Roisin Vahey, a support worker from Zimbabwe, works for Richmond Fellowship, the national charity making mental health recovery reality, and is using her degree knowledge to help support people in the area living with mental health problems.

Her thesis, entitled Galvanic Skin Response in Mood Disorders: A Critical Review, explores the impact of Galvanic Skin Response (GSR), a process that measures variations in the electrical characteristics of the skin, with specific reference to individuals with mood disorders such as depression.

Roisin hopes that her research will lead to development of GSR as an effective assessment tool of efficacy for different therapies and treatments for people living with mental health problems.

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Mental health charities’ Big Conversation with the people we support ends

Richmond Fellowship has finished its ‘Big Conversation’ with the people who use its services as part of plans to give individuals greater opportunity to get more actively involved in the organisation.

The national mental health charity and its partners wanted to find out from people what they think about creating opportunities for them to get more actively involved at all levels of the organisations, including:

  • Their own support plan
  • How services are run
  • How the organisations are run
  • Championing mental health issues and challenging stigma in society.

So it staged a six week ‘Big Conversation’ offering a range of ways for people give their views from taking part in a local focus group to filling in our online questionnaire. Read more

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Tree-planting ceremony to celebrate new Leicestershire crisis house

Leicestershire-crisis-house-tree-plantingNational mental health charity Richmond Fellowship and Leicestershire Partnership NHS Trust have celebrated the first three months of Box Tree Farm, a six-bedded house for local people who are experiencing distress in their mental health.

Box Tree Farm opened in Ratby in March following an investment by Leicestershire Partnership NHS Trust of £600,000. Since opening, the house has seen 49 people through its doors. On average people stay less than five days.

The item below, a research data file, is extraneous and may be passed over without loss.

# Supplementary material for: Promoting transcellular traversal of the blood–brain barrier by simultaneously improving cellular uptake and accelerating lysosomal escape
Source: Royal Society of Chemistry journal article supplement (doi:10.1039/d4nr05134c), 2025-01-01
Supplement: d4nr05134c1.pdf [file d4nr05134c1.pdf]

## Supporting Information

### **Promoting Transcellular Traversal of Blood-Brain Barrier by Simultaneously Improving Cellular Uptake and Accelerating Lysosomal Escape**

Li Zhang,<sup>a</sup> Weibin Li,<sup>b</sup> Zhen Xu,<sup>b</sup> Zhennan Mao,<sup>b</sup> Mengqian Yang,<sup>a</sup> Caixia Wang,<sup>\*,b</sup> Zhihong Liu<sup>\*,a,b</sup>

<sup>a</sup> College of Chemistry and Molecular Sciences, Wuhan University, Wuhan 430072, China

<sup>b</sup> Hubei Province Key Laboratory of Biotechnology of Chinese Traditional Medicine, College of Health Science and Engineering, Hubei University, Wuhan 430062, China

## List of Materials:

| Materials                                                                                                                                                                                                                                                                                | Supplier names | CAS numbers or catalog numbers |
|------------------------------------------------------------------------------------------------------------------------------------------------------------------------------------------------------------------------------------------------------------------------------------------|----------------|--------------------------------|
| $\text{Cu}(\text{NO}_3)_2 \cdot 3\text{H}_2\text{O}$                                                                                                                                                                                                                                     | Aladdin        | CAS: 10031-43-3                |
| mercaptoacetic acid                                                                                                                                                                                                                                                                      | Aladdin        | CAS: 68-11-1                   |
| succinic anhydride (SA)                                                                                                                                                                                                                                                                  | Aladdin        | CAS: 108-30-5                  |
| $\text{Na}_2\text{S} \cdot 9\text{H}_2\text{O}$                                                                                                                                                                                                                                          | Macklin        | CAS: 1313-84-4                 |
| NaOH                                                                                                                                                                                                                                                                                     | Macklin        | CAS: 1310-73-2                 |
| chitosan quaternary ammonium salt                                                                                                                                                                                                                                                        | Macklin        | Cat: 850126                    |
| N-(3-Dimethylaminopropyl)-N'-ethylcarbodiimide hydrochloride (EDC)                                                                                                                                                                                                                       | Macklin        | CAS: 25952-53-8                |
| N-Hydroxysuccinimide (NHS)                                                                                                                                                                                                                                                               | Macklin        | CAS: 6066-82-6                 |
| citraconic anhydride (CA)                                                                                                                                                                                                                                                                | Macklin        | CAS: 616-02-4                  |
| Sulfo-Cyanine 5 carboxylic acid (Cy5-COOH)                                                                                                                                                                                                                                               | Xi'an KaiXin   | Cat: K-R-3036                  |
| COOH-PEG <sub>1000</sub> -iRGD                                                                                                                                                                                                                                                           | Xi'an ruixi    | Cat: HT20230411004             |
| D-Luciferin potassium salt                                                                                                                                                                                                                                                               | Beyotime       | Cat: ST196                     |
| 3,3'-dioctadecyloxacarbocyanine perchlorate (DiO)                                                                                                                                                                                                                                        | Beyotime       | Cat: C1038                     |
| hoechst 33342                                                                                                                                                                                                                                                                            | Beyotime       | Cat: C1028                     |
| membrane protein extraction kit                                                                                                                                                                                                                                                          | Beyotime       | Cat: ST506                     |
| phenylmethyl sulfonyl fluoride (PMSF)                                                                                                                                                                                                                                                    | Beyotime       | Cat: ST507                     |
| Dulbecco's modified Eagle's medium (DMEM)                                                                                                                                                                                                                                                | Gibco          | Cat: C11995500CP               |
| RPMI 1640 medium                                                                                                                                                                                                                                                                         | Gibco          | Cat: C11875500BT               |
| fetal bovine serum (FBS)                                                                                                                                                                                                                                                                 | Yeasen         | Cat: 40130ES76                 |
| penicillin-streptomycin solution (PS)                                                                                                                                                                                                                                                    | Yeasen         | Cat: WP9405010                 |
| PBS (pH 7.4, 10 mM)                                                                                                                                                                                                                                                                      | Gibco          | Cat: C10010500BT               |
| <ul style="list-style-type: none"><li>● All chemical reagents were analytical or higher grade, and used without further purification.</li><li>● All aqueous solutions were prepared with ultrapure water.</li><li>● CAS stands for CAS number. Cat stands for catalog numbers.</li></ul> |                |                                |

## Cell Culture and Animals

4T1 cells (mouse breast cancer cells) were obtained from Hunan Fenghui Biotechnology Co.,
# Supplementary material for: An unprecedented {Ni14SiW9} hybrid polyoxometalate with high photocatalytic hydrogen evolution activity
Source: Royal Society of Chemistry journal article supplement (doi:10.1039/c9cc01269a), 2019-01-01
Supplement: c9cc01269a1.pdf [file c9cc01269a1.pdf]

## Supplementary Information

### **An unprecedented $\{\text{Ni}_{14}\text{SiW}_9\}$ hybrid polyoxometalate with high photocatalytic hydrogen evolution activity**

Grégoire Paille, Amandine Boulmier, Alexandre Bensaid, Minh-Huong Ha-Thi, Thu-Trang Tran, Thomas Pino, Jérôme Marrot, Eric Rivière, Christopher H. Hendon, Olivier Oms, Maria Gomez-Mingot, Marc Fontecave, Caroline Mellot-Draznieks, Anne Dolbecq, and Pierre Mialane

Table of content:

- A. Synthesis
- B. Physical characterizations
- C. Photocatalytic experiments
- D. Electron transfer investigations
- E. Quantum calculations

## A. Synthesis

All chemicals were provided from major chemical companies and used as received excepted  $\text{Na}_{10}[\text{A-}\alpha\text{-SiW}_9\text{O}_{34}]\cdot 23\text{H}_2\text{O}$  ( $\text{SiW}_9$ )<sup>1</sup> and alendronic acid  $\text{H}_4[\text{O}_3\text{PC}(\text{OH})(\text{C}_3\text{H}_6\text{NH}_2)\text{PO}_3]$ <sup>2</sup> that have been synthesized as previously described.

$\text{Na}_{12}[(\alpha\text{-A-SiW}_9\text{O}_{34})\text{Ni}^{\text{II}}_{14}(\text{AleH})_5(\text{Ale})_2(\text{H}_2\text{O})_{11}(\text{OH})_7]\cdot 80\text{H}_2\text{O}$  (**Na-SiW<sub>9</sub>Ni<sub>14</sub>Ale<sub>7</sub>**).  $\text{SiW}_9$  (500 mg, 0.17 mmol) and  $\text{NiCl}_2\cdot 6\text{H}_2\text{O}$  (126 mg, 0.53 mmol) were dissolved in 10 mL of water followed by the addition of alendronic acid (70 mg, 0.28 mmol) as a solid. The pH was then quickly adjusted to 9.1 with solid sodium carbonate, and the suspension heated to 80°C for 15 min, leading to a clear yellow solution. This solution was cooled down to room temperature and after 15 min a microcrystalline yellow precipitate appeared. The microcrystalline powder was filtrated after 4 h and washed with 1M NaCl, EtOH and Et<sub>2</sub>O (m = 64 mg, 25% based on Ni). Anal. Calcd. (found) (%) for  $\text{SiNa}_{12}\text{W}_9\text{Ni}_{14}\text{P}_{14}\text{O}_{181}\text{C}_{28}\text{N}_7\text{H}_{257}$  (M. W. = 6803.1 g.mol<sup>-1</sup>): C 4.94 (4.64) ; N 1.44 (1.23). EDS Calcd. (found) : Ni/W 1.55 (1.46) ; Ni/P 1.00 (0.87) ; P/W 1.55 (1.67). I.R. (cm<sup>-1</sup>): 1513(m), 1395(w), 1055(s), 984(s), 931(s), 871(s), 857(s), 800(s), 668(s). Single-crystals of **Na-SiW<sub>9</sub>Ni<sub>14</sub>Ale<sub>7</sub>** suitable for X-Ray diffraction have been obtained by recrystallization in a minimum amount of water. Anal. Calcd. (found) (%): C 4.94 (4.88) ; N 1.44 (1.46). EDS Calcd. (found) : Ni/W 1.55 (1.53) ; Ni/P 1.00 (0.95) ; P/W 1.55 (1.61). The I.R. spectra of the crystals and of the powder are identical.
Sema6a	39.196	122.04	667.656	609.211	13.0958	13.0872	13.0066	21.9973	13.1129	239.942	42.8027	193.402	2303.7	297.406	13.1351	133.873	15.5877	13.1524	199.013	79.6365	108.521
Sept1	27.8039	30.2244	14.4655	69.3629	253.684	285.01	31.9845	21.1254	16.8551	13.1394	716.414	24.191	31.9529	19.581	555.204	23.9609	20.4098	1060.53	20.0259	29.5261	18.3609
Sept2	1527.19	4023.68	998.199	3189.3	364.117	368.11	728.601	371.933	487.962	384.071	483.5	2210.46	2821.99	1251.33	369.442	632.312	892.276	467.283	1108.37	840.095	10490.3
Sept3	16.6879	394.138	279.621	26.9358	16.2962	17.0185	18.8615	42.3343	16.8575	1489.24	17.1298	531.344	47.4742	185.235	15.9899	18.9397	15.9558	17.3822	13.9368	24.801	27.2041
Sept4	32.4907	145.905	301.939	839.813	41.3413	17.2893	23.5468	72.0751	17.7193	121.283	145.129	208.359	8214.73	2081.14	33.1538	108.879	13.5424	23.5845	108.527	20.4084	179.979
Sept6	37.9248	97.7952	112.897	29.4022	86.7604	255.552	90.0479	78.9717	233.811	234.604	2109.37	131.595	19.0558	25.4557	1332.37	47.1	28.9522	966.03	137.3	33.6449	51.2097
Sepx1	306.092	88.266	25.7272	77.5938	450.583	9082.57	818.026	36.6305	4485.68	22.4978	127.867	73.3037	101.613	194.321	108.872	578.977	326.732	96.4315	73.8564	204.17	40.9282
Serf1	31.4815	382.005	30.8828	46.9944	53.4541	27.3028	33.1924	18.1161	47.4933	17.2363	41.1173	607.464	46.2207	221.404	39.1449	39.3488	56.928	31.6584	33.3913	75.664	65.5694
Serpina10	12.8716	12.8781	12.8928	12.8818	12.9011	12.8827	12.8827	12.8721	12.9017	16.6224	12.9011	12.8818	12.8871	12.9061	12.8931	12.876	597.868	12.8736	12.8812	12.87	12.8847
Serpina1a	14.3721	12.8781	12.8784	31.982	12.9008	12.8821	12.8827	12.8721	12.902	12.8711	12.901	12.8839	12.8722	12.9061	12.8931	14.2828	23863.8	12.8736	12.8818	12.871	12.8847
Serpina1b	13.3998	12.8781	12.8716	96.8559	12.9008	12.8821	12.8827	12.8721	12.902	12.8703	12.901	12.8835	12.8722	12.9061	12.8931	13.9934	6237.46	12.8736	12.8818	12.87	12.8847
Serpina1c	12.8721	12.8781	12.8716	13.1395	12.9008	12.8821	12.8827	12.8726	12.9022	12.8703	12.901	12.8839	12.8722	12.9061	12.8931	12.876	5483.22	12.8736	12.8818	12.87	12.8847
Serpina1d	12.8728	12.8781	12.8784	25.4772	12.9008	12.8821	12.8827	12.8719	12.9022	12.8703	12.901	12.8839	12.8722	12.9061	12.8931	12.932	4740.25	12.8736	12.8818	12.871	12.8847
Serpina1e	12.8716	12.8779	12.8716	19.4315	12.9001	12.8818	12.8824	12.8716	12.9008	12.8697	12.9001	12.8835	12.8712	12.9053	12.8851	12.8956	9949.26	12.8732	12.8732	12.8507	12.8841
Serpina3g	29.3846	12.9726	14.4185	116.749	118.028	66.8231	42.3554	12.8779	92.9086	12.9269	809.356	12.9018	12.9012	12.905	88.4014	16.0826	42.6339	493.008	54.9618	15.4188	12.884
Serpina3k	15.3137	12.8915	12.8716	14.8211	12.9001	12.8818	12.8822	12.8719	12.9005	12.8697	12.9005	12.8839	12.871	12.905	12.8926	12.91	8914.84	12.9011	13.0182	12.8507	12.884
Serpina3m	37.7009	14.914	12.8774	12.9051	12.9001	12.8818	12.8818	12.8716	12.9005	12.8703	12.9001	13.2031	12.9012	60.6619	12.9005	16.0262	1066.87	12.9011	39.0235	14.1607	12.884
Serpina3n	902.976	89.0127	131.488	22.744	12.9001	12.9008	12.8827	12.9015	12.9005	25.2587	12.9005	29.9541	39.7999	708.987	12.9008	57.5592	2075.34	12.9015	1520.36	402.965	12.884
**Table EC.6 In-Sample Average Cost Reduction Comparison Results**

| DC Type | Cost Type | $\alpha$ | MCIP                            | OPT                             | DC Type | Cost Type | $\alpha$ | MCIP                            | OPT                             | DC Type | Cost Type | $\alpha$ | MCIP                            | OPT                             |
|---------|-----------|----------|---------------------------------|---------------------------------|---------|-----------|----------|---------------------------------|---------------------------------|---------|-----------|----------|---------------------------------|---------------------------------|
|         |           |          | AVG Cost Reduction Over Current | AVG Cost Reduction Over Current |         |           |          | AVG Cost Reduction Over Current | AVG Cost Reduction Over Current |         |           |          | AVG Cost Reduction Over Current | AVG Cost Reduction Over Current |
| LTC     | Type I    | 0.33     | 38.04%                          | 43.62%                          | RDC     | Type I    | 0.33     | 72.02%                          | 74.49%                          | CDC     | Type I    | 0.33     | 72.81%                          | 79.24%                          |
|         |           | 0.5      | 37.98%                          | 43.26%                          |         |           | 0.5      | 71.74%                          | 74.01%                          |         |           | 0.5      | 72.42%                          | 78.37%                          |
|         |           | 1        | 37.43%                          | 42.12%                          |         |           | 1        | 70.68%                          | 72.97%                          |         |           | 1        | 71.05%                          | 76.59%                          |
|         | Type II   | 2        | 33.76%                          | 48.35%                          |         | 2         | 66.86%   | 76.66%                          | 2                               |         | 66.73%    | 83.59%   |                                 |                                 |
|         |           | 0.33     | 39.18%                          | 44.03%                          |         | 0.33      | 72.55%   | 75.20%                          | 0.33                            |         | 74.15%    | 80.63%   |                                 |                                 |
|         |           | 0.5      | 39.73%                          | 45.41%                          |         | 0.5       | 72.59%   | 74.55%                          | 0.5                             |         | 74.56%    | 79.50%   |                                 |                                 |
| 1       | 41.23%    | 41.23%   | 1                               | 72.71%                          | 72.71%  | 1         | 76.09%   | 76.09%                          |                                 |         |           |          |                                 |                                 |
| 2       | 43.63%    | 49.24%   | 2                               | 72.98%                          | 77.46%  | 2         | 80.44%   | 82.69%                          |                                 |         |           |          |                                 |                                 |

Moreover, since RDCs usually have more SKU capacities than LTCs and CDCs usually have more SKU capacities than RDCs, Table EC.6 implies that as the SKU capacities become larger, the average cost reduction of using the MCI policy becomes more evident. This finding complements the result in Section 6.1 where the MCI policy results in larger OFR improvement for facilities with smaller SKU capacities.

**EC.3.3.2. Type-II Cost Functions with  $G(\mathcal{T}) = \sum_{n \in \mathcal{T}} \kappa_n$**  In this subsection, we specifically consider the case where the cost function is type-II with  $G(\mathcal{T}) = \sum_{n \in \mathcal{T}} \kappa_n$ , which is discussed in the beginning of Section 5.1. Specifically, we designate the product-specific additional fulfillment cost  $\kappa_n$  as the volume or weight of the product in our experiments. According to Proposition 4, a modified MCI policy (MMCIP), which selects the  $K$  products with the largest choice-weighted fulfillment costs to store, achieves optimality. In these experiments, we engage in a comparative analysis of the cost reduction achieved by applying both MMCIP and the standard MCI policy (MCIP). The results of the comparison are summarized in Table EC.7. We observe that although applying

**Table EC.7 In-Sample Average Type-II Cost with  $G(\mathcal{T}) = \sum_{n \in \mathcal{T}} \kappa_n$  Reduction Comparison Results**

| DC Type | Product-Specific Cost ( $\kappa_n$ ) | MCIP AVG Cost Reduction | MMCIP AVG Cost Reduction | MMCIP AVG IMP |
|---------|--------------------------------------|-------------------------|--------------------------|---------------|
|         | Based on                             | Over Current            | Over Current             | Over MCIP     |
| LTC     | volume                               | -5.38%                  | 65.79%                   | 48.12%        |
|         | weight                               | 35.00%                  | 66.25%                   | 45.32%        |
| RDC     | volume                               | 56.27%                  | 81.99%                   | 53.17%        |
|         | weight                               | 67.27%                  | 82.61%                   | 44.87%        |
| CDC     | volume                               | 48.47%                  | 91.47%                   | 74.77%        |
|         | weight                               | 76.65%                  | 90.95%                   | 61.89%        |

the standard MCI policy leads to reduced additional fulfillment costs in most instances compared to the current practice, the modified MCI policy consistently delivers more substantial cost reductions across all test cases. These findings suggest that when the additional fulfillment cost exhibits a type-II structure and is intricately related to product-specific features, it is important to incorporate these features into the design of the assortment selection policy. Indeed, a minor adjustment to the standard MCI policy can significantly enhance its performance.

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Listening-and-Learning

95% of people using our services would recommend Richmond Fellowship to others

95% of people using our services would recommend Richmond Fellowship to friends and family, according to our latest satisfaction survey.

Regular feedback from the people we support helps us to continually improve our services – this is the fourth time we’ve organised the survey.

A summary of the results called Listening and Learning has been produced and highlights where we’ve done well and where we need to improve.  Read more

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Mental health charities launch Big Conversation to discuss working with people as equal partners

Richmond Fellowship is having a ‘Big Conversation’ with the people who use its services as part of plans to give individuals greater opportunity to get more actively involved in the organisation.

The newly formed group of Richmond Fellowship, 2Care, CAN, Croftlands Trust and My Time, is currently working together on a joint strategy to truly put the people supported by these organisations at the heart of what they do.

One of the group’s key commitments is to build relationships with the people who use their services where staff and people who use services work together as equal partners to design, plan and provide support together. This is called co-production.